Angry Buddhist monks in northern Myanmar took about 20 officials hostage for several hours Thursday until a senior abbot intervened, but tensions remained high over the beating of monks during an anti-government protest the previous day, witnesses said.
In an escalation of recent protests against the military junta’s economic policies, hundreds of monks — highly revered in Buddhist Myanmar — marched Wednesday in the town of Pakokku, political activists and town residents said.
Soldiers fired warning shots into the air and kicked and beat some of the monks to break up the march, they said.
In its first public comments on the recent protests, Myanmar’s military junta acknowledged that soldiers fired warning shots, but blamed the monks.
The announcement at the end of Thursday evening’s television and radio news broadcast also warned that the monks’ actions could not be tolerated.
Myanmar state radio said people were unhappy with the monks’ actions and warned against any attempt to disrupt tranquility.
On Thursday, local government and religion department officials went to the monastery to apologize for the confrontation and ask that no further protests be held, a senior monk said. Young monks seized the officials and held them captive because of anger over their rough treatment Wednesday, he said. Four of the officials’ cars were burned, witnesses said.
“Bystanders cheered as the monks torched the cars one by one,” an activist who witnessed the events said when contacted by phone. The senior monk and activists spoke on condition of anonymity for fear of official retaliation.
The senior monk said the monastery’s revered head abbot pleaded with the monks to disperse before authorities took serious measures against them. The officials were freed only after an anti-government crowd of as many as 1,000 people outside the monastery was convinced to disperse, he said.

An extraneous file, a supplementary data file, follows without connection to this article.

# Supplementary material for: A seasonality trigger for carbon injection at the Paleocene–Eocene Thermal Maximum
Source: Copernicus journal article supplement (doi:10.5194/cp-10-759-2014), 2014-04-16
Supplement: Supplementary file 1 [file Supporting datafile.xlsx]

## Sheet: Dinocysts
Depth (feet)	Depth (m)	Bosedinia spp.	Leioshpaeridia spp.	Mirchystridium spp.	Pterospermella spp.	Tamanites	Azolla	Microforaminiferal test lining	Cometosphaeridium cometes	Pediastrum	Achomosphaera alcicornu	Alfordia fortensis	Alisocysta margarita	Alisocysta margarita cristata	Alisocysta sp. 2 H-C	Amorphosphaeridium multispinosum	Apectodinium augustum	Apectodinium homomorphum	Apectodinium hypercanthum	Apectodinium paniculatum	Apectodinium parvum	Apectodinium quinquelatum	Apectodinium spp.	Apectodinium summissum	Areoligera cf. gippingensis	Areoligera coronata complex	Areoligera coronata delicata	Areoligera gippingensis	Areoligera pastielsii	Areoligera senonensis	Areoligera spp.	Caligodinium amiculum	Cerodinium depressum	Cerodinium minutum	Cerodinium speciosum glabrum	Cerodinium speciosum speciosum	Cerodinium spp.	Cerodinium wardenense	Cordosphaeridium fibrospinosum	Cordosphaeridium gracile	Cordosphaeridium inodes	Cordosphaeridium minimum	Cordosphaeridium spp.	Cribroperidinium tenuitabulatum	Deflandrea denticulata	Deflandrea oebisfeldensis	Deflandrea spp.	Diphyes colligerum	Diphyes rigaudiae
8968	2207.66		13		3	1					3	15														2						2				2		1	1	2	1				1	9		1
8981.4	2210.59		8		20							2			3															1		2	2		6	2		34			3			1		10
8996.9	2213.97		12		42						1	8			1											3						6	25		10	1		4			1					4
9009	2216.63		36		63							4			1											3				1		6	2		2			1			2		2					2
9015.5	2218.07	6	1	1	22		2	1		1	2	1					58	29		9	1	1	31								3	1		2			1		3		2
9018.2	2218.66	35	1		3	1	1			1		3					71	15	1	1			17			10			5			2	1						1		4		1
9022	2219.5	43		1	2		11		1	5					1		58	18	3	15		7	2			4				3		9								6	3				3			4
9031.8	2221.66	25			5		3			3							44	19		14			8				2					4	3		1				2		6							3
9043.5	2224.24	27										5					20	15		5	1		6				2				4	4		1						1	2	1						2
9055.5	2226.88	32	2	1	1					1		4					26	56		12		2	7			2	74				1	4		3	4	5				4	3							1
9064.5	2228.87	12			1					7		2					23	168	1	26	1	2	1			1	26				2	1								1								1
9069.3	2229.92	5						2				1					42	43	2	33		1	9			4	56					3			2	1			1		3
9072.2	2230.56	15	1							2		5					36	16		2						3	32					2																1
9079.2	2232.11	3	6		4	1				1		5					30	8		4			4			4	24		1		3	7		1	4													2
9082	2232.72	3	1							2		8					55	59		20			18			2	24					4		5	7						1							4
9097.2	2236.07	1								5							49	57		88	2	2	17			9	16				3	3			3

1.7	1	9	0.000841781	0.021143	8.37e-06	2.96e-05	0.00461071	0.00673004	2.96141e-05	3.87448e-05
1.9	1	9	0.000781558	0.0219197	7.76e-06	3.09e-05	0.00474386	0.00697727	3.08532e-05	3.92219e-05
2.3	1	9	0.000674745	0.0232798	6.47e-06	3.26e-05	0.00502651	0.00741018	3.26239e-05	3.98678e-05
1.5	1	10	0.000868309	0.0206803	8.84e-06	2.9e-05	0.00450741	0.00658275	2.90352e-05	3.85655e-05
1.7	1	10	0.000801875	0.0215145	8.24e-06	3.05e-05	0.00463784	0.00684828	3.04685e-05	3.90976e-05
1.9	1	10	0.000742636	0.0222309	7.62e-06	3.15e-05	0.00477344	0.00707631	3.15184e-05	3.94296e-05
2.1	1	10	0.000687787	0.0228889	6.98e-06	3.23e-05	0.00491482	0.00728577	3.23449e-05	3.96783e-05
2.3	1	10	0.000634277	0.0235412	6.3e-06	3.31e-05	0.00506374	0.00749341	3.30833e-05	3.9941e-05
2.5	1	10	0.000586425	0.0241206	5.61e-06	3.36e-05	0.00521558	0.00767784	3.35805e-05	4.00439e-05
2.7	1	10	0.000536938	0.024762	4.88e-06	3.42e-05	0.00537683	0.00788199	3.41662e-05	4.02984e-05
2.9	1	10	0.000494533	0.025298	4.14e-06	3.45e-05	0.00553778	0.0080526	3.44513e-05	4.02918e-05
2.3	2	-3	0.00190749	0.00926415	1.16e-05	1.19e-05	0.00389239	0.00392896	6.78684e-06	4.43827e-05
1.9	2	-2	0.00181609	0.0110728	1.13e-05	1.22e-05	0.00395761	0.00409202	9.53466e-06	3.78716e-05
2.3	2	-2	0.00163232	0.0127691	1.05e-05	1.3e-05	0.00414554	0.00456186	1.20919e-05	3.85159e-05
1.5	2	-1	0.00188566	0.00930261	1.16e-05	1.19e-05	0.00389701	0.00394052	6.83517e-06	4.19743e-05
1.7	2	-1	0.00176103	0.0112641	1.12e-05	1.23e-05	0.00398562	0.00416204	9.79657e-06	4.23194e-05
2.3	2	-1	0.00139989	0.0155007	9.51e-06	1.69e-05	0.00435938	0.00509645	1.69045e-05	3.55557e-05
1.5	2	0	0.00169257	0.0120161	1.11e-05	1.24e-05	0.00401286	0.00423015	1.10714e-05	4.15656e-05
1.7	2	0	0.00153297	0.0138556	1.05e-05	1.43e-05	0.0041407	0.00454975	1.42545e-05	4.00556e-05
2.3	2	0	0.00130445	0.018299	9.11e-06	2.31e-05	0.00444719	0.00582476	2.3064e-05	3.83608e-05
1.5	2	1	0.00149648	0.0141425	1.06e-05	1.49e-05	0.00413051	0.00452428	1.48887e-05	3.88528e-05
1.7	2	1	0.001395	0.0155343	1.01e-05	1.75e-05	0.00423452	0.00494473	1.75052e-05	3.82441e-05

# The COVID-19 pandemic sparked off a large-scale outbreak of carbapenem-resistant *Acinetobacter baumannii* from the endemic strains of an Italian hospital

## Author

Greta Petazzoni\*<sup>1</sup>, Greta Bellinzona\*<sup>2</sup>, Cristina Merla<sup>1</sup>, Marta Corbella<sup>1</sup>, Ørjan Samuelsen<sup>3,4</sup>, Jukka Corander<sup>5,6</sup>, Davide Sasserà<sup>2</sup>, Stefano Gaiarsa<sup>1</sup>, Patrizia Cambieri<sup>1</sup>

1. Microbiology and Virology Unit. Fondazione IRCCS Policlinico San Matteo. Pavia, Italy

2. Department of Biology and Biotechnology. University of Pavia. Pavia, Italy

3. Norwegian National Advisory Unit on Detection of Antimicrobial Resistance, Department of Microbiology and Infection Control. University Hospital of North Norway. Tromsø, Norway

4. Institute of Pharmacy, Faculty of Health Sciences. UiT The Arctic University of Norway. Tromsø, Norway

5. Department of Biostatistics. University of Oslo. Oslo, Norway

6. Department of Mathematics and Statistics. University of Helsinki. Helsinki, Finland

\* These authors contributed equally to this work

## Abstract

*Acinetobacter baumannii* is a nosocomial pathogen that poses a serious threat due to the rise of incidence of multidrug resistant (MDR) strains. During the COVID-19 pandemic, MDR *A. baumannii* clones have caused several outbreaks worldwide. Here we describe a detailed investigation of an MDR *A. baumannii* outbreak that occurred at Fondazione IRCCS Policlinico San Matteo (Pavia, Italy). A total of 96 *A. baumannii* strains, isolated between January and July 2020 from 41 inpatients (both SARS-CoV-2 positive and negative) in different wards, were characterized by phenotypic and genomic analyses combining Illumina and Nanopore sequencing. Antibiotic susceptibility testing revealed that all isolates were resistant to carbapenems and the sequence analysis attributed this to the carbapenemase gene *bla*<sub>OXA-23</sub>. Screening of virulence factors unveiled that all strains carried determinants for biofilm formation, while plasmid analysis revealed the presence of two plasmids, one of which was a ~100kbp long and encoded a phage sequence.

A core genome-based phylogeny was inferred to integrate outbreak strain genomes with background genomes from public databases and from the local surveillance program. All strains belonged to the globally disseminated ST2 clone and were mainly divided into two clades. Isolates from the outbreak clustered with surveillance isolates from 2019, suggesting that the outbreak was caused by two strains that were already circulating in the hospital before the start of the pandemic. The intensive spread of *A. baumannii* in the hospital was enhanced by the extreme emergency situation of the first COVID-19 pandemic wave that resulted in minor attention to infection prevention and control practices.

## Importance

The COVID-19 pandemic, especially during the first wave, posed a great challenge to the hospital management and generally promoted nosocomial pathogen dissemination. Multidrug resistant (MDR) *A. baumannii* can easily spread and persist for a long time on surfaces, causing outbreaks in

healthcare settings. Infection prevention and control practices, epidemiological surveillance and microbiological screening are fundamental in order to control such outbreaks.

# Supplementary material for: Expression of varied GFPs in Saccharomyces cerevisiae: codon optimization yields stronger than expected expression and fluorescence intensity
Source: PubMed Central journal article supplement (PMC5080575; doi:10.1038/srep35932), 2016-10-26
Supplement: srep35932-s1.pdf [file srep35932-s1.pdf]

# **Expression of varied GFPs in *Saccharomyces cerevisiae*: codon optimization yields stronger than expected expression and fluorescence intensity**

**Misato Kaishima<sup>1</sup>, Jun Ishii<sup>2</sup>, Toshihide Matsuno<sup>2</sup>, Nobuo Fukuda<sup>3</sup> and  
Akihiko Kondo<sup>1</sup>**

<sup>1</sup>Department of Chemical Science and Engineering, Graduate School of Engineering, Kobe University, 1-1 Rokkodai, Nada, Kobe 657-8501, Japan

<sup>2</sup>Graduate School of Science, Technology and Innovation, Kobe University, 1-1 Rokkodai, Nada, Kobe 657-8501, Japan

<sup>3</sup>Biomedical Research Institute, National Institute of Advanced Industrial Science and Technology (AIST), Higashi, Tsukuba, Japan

Wednesday’s march was apparently the first time the military has used guns to suppress protests triggered by last month’s fuel price increases of as much as 500 percent.
The government has detained scores of activists and used gangs of hired thugs to block the demonstrations, and the monks’ dramatic protest indicates the depth of discontent with the military regime.
Pakokku, about 390 miles northwest of Yangon, is a center for Buddhist learning with more than 80 monasteries, including at least 15 used for teaching.
Historically, Buddhist monks were at the forefront of protests of British colonialism and military dictatorship. The military fears the participation of monks in protests, because using force to disperse them draws great popular ire.
Bush to raise issue at APEC summit
Monks played a prominent part in a 1988 pro-democracy uprising against military rule that has been in place since 1962. The uprising was violently crushed by the junta.
Residents of Pakokku said 200 Buddhist monks took part in Wednesday’s march, although reports by overseas Myanmar exile groups put the numbers as high as 600.
Monks chanted prayers along the way until they were stopped by authorities, including pro-government senior monks, and warning shots were fired, they said. At least three monks were arrested and several injured. The activist said the three monks were released Thursday, they said.
No public protests have been reported in Myanmar’s main city, Yangon, for more than a week, although they have been continuing sporadically in other towns, reportedly involving as many as 1,000 people.
President Bush said he would raise the issue of human rights violations in Myanmar, also known as Burma, at a weekend summit of the 21-member Asia Pacific Economic Cooperation forum in Sydney, Australia.
“It’s inexcusable that we have this kind of tyrannical behavior in Asia,” Bush said Wednesday at a joint news conference with Australian Prime Minister John Howard.